Without the usage of Shadow DOM, the style definition from the main document would bleed into the component, coloring the label red.
Even if there is another styling defined in the component itself, the
!important overwrites it.
However, since your Web Component uses Shadow DOM, no style bleeding occurs.
No matter how you try to overwrite it, the browser ignores CSS outside of the Web Component.
Except if your Web Component defines CSS variables, then you can use those variables in your main document to overwrite the ones defined in the Web Component.
And that's a good thing because you, as a component developer, are responsible for creating those CSS variables.
Basically, you build an UI API for your consumers, where you want them to be able to overwrite certain aspects, like sizes or colors.
Besides, you can also use CSS Shadow Parts for defining elements that can be styled by the user.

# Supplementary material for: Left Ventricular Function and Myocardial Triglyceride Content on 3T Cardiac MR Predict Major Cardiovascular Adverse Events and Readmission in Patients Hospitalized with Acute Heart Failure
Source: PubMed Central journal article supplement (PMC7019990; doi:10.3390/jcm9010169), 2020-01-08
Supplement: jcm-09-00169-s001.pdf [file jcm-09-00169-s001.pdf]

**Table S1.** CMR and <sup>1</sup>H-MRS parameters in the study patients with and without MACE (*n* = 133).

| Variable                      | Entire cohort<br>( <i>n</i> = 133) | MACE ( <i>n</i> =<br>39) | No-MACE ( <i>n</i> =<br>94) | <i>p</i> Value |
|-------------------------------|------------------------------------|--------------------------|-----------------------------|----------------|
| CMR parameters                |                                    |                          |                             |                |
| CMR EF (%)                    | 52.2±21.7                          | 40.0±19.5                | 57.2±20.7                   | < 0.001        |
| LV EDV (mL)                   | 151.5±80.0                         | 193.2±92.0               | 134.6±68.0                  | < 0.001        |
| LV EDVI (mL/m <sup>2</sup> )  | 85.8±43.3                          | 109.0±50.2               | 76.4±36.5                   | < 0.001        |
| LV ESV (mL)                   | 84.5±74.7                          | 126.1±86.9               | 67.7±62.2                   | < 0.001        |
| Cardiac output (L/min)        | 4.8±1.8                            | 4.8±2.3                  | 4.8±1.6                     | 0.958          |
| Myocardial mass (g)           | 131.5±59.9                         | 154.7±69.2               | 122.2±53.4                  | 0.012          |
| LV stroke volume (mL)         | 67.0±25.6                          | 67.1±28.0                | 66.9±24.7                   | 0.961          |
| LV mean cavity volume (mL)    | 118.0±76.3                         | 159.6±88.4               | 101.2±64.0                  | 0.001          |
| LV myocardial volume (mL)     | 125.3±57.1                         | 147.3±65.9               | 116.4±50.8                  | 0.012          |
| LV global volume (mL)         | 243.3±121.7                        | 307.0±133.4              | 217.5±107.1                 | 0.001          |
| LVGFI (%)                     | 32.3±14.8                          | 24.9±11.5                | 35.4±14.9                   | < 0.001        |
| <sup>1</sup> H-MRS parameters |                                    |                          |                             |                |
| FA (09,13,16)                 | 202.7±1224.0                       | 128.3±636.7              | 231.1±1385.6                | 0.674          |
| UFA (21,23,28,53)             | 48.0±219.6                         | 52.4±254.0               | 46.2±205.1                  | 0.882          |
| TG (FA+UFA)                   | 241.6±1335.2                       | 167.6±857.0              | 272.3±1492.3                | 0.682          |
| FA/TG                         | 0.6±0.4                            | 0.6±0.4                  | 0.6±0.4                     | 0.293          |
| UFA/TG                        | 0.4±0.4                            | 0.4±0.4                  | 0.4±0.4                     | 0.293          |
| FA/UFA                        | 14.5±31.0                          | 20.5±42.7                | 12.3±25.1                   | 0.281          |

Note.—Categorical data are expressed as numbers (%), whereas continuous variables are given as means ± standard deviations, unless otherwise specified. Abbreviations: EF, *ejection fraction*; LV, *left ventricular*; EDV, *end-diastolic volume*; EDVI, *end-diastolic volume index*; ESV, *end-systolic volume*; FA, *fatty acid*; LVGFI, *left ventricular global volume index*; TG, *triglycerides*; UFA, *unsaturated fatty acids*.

Again, that's good, because you can specify which elements can be styled - it is your API.
As mentioned in the introduction, if you are curious about more in-depth technical aspects of Web Components, check out my colleagues' article about native Web Components without a framework.
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Business Perks of Web Components
In this section, we are exploring in which ways Web Components can help your business.
We talked about this in the technical perks section above already, but it is worth mentioning on the business side, too!
Since we can share Web Components easily, that also implies we have to develop them only once.